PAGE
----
How Democrats Can Stop a Red Wave

A “red wave” is building this year — or so we’re told.

Republicans are confident that the country’s sour mood will sweep them back into power in Congress, mainly because Americans are fed up with the coronavirus and inflation. They think they’ll pick up 30 or so House seats and four or five seats in the Senate.

“It’s crystal clear,” said Corry Bliss, a partner at FP1 Strategies, a consulting firm that helps Republicans. He added: “The red wave is coming. Period. End of discussion.”

But what if that’s wrong? We asked about two dozen strategists in both parties what would need to happen for Democrats to hold the House and Senate in November. And while we’re not making any predictions, it’s possible that Democrats could retain control of Congress. Difficult, but possible.

Democrats have 222 seats in the House, and 50 seats in the Senate. That means Republicans need to pick up just six House seats and one Senate seat to take full control of Congress.

Here’s what needs to happen for Democrats to pull off an upset in 2022:

Pundits often make it sound like voters are judiciously studying each party’s arguments and forming conclusions. But that’s not really the way American politics works. Modern elections are much more about mobilization (getting your supporters to the polls) than persuasion (convincing the other side’s supporters to switch), though both matter.

Joe Biden beat Donald Trump by more than 7 million votes in 2020. So for Democrats, winning in 2022 means figuring out how to get as many of those people as possible to vote, even though Trump won’t be on the ballot this time.

“Their primary motivation for voting in the last election was defeating Trump,” said Guy Cecil, chairman of Priorities USA, which on Monday announced a $30 million program of digital ads aimed at reaching what he calls “new Biden voters” in seven swing states.

The last two elections — the 2018 midterms and the 2020 presidential vote — saw the biggest turnout in history. That means there’s an unusual amount of uncertainty among insiders about which voters will show up in 2022.

Every person we spoke with agreed: This is the biggest unknown.

While voters are upset about high prices today, inflation and the coronavirus could be down to manageable levels by the summer. Several strategists say it is also essential, politically speaking, that schools are fully open in September. If all of that happens, Democrats could enter the midterms as the party that defeated Covid and brought the economy roaring back to life, or at least fight Republicans to a draw on both issues.

But the White House is well aware that it’s not really in control — the virus is.

“The script’s not written yet for the remainder of the year,” said Representative Brad Schneider of Illinois, chair of the New Democrat Coalition, a group of House moderates.

For months, Democrats have fretted that the White House was too slow to recognize inflation as a political problem, and was too mired in endless congressional negotiations. That’s changing.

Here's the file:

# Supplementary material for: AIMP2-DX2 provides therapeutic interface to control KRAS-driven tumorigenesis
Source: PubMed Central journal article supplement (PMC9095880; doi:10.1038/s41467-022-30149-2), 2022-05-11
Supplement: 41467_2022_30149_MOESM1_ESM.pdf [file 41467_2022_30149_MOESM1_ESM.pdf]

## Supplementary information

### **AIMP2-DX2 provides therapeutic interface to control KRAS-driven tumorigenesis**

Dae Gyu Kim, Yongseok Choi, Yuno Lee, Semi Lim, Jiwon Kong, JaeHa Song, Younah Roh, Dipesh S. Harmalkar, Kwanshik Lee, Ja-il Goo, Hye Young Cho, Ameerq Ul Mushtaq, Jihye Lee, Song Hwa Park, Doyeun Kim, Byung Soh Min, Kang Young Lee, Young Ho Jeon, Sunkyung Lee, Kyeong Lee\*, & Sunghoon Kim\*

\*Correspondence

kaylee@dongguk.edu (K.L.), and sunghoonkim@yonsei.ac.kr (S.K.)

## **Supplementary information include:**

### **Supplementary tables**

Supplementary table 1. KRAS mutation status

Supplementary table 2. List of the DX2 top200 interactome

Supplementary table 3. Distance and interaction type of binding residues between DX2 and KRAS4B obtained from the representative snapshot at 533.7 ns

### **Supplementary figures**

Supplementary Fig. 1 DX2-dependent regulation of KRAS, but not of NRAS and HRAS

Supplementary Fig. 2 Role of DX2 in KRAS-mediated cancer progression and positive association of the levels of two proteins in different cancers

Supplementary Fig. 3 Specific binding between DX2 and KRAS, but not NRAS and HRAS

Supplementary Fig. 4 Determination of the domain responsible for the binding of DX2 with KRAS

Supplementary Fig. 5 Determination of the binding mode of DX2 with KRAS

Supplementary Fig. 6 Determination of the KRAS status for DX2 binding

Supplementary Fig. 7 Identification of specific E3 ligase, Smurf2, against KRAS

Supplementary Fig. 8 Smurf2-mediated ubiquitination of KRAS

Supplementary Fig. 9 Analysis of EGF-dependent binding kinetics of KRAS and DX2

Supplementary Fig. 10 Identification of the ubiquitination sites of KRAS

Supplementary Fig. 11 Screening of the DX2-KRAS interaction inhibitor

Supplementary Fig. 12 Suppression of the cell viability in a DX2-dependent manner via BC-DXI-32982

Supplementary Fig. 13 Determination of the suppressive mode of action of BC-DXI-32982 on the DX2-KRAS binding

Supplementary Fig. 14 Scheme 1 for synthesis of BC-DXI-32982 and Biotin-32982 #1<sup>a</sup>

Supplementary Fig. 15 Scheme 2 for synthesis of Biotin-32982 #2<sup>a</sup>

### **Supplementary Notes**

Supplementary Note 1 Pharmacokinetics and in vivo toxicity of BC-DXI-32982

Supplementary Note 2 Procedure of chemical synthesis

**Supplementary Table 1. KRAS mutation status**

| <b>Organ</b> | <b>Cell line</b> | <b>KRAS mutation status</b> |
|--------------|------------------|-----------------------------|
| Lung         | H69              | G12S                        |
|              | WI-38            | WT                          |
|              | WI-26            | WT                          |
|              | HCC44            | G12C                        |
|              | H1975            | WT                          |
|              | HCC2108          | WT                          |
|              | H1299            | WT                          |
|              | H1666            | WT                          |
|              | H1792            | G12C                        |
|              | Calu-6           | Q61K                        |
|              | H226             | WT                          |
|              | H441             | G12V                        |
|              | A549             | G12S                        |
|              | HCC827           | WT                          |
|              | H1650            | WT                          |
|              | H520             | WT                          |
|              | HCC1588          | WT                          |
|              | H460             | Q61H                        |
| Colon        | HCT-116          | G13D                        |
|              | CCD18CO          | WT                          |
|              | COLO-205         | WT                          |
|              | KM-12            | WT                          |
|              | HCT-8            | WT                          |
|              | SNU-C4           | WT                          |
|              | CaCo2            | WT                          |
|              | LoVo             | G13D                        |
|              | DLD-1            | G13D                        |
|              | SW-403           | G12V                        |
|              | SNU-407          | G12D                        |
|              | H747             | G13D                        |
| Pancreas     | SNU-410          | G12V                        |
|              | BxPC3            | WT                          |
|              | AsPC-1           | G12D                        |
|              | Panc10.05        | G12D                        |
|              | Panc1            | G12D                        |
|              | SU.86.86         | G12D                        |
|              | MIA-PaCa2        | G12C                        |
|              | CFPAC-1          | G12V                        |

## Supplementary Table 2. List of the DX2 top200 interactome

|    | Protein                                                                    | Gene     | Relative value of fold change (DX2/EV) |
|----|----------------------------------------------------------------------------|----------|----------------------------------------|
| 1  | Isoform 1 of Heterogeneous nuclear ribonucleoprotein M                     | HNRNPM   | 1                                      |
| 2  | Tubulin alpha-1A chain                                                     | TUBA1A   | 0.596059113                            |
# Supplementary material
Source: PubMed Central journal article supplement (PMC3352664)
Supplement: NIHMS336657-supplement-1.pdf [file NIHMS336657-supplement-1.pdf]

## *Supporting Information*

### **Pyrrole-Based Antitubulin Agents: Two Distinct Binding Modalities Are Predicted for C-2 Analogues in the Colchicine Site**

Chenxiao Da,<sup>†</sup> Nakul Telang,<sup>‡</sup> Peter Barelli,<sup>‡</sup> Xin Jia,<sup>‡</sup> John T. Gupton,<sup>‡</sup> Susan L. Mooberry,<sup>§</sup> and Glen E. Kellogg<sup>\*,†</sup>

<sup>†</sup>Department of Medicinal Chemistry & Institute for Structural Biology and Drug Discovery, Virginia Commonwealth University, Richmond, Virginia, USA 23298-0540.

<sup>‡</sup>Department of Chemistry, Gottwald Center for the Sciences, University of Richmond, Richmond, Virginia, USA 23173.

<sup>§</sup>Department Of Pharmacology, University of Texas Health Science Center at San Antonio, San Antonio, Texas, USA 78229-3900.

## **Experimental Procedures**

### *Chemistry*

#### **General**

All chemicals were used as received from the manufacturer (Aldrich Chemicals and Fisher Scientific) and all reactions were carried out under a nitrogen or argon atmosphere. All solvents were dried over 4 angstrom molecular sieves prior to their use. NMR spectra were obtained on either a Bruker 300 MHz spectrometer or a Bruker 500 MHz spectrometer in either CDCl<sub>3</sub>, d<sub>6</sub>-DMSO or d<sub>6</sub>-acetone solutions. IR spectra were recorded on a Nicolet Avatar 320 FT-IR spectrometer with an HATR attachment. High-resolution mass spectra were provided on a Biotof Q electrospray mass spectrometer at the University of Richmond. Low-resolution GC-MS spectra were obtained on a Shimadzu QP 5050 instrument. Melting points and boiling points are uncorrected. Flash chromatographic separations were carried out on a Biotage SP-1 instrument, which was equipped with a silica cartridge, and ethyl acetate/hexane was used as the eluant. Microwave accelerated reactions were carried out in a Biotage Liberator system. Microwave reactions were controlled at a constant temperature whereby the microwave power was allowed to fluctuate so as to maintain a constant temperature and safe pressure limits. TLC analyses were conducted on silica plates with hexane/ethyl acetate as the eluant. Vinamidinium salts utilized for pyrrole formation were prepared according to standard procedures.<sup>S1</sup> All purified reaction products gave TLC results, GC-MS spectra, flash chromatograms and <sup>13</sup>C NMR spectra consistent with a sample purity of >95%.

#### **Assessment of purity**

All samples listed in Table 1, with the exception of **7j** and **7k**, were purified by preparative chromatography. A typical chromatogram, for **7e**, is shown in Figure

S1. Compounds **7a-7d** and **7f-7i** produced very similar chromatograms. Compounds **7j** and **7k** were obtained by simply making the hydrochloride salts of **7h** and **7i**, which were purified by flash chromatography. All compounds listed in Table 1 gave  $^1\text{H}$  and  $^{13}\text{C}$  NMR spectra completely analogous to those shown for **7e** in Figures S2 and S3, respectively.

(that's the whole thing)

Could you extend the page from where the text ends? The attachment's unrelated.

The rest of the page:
President Biden has been speaking more frequently about the issue, at the urging of moderate Democrats. “The president is recognizing his superpower, which is empathy,” said Representative Dean Phillips, a Democrat in a swing district in Minnesota.

Sean McElwee, executive director of the group Data for Progress, told us that the president should embrace what he calls “solverism” — basically, being seen on TV every day tackling the problems that voters care about.

After a fall characterized by damaging infighting, Democrats have been working to bring more harmony to their messages. With the State of the Union address coming up, President Biden has a chance to rally the country around his vision and the improving economic numbers. But with the fate of Build Back Better now in question, what will he talk about, exactly?

Democrats feel good about the maps that have been approved so far. For now, there are only three Democrats running in House districts that Trump won in 2020, and nine Republicans in districts that Biden won.

But a few unknowns remain. The Democratic-controlled State Legislature in New York is still weighing how aggressively to redraw the state’s maps. Courts have yet to render final judgments in Alabama, North Carolina, Ohio and Pennsylvania. And in Florida, Republicans are divided between Gov. Ron DeSantis’s maps and those proposed by the State Senate.

We do know that many of the House districts that are up for grabs in November are in the suburbs, which have shifted left in recent elections. That could help Democrats. Liberal strategists point out that Republicans won’t be able to benefit from the massive margins that they run up in rural areas and they also note that the seats Republicans picked up in 2020 were the easy ones.

To which Republicans counter: Look at what happened in suburban Virginia, where Glenn Youngkin pared back the party’s past losses to win the governor’s race.